These days, the human mind seeks out experiences to be gratified and convinced. Our stories are our personal experiences in life. Seeing Jesus in our personal chapters is experiencing and encountering Him. And it gratifies.

This Christmas in this age of the new normal, give this gift of change. Many people share a common misconception of our Almighty God. They cannot get their minds around the fact that God, almighty as He is, comes into the midst of the little details of our personal life. Who me? We are called to make real for others this presence of God in their life. Small, little constant acts of good for one another make God real and visible.

Christmas trees always bring cheer to everyone even to those who do not know the meaning of Christmas. The joy is contagious. We are the lay faithful called to sprout in the life of others radiant and bright like a Christmas tree.

The Second Sunday of Advent

Waiting for the Christmas party

Advent, the season of anticipation. We prepare and wait for Christmas, the coming of our Lord into humanity. For many of us, it is also to anticipate and prepare for Christmas parties, baking the fruit cake and stocking the wine. Maybe more so this year than any other. With this pandemic, we really want to have a good time, to take a break from the virus. And there ain’t nothing wrong with this, for Christ want to be present in the realities of our life, in our merry making too.

The obvious preparation here is to prepare for the coming of Christ. In our immediate sight, the Christmas tree and the birth of Jesus. But Advent today began with the reading of Isaiah, more related to the Second Coming of Christ, when the reality of this world ends, and we are finally judged. Those who are awake enter heaven. Not quite the Christmas we anticipate but a reminder that our Christmas parties are part of this longer spiritual journey.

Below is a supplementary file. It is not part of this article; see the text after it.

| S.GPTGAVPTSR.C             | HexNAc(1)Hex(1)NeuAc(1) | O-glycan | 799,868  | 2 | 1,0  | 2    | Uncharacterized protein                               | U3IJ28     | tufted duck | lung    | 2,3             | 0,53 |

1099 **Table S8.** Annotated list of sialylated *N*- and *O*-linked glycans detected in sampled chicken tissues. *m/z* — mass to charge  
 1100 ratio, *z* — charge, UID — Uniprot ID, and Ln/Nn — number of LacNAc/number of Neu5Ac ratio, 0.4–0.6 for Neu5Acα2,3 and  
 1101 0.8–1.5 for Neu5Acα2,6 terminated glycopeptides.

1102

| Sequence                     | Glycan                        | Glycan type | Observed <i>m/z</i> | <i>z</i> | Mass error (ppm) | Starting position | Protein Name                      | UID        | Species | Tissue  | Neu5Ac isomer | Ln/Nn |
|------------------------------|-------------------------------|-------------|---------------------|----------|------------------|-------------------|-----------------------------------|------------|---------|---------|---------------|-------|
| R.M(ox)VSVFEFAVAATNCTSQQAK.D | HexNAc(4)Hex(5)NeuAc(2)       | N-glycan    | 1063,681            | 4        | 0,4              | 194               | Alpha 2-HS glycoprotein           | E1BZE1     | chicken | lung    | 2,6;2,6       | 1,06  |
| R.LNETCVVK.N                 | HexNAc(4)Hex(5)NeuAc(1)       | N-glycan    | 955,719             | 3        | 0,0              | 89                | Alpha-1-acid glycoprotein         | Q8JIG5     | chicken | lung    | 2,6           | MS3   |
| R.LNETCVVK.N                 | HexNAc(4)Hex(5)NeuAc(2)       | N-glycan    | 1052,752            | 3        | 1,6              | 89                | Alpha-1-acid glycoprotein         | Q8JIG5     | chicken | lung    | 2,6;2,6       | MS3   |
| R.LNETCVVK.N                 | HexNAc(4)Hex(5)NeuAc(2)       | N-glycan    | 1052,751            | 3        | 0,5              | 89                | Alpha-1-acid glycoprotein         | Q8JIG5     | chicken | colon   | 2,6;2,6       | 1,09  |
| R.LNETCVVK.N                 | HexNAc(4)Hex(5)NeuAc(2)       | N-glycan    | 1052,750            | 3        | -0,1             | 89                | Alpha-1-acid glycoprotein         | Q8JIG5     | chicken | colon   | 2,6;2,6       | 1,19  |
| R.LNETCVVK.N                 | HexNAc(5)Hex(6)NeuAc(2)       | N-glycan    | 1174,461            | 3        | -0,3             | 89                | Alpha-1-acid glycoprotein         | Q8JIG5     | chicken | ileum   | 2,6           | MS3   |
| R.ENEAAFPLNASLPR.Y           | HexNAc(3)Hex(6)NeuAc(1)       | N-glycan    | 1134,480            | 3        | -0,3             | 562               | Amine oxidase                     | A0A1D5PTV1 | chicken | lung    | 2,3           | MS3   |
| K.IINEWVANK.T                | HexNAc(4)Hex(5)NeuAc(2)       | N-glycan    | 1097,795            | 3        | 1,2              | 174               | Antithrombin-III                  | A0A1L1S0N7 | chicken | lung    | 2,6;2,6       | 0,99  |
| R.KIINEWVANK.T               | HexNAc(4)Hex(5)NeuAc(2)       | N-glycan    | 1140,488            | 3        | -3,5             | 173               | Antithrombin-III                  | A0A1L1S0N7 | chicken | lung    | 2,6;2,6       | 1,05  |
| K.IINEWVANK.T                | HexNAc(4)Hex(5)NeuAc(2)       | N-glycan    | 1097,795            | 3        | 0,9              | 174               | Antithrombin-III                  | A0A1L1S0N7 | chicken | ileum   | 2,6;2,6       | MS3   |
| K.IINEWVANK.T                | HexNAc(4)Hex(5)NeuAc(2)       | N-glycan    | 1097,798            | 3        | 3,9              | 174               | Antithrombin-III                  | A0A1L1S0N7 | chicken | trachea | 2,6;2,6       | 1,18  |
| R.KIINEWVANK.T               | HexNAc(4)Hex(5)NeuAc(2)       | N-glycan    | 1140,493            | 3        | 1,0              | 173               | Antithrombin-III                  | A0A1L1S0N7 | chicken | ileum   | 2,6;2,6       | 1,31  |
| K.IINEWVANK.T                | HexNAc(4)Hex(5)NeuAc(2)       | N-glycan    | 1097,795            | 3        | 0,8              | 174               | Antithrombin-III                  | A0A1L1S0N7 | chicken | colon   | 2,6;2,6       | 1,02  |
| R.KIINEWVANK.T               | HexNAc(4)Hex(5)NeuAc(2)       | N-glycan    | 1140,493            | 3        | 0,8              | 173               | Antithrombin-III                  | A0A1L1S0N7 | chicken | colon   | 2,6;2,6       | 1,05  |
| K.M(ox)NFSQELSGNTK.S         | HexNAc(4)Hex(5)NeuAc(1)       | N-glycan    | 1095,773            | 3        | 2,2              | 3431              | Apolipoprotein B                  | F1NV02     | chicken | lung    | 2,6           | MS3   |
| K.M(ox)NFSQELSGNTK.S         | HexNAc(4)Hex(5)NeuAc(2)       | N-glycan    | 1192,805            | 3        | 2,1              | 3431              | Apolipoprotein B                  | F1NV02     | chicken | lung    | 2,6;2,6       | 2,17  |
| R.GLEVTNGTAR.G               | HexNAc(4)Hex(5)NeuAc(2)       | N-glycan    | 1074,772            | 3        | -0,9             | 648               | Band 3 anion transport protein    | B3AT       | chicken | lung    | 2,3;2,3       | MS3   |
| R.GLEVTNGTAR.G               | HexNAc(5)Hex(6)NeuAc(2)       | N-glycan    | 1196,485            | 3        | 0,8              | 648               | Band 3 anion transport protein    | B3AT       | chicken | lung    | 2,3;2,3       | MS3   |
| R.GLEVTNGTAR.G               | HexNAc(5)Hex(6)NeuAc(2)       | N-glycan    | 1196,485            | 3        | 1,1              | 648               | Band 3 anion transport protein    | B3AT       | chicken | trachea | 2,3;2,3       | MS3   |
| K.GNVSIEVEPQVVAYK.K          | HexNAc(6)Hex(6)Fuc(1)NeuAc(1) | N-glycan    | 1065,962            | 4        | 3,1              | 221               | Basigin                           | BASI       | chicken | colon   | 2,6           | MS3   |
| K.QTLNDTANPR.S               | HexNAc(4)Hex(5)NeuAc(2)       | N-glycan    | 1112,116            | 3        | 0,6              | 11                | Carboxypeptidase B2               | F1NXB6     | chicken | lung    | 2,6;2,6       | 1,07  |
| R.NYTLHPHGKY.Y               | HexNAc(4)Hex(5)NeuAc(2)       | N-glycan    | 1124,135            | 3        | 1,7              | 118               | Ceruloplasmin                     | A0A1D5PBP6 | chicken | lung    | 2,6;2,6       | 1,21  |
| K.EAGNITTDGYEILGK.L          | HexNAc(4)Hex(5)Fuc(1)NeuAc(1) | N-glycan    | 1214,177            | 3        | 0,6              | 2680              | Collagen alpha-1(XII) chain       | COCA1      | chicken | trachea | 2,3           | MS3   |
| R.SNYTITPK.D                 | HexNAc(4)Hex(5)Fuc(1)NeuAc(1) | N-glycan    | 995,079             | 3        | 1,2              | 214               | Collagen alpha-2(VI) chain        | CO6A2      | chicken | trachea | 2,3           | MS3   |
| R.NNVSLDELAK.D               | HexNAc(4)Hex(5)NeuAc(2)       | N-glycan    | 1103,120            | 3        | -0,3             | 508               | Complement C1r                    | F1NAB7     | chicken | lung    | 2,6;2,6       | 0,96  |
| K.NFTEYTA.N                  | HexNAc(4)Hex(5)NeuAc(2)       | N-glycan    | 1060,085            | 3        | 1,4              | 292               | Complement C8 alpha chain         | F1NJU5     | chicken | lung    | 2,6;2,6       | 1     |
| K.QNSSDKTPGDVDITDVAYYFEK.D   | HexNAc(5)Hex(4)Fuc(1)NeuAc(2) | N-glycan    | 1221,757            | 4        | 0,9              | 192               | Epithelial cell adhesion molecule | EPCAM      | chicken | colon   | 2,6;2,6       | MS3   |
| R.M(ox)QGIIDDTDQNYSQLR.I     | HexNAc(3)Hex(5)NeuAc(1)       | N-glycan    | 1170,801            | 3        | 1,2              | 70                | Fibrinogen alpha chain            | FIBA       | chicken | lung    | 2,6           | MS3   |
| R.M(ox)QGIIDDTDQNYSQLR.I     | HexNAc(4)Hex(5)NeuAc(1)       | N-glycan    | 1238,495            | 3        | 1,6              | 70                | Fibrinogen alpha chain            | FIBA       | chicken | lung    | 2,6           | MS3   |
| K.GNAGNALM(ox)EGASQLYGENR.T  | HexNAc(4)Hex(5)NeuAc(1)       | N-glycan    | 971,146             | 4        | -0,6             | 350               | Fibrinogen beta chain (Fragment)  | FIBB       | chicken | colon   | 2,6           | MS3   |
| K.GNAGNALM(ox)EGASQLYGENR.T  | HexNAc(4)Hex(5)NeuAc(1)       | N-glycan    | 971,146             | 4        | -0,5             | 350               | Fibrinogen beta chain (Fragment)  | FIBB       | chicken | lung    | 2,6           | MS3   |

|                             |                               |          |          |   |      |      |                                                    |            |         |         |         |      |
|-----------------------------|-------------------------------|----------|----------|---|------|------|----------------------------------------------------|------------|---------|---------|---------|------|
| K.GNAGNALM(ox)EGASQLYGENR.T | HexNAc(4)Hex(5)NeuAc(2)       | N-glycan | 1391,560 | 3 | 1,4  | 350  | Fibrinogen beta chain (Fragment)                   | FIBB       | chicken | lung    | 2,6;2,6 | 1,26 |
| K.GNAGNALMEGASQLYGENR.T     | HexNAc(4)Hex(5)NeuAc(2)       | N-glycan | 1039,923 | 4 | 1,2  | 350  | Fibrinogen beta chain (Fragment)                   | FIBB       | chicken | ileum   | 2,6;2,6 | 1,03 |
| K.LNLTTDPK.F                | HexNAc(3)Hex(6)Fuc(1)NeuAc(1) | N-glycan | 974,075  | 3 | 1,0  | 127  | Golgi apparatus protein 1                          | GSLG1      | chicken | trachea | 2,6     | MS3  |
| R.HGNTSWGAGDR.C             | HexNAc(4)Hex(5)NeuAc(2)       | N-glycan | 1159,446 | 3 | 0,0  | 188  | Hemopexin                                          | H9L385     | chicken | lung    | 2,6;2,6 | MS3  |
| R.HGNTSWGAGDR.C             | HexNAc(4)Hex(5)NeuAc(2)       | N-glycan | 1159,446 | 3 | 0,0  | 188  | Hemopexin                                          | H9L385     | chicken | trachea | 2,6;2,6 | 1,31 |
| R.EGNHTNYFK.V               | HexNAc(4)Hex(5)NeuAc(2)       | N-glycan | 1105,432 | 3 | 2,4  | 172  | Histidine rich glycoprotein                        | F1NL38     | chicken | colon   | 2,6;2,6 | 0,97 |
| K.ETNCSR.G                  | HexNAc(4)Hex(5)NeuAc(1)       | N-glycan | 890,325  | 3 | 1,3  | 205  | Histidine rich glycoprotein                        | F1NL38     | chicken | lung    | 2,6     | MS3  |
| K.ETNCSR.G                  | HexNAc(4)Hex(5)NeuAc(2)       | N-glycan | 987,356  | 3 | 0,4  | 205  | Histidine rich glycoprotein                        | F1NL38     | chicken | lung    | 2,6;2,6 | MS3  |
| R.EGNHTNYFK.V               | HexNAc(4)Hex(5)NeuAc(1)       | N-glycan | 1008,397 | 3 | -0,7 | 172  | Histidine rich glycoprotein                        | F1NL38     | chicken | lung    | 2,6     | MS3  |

Between these two comings, the birth and the second, is what Christmas is truly about. Emmanuel – God coming down into the realities of our life to be with us and to accompany us on this longer spiritual journey. We are called to “stay awake” not to anticipate our death but to embrace this presence that is to give us life to the full.

“So stay awake, because you do not know when the master of the house is coming, evening, midnight, cockcrow, dawn; if he comes unexpectedly, he must not find you asleep. And what I say to you I say to all: Stay awake!” (Today’s Gospel)

I awake everyday before the sun rise. Not to pray or read scripture, just age catching up. Just like the need to breathe, I now need my mobile phone to stay alive. It’s the first thing I reach for. I go into it for my football scores then read a bit of news, no longer sharing concern for the world but rather to see if any would have a direct impact on me. Then I enter Facebook to see what’s happening in the world of my friends. Each day as I wake up, I immediately go into a slumber, drowsy by all the distractions, unable to focus on what is good for my spiritual life.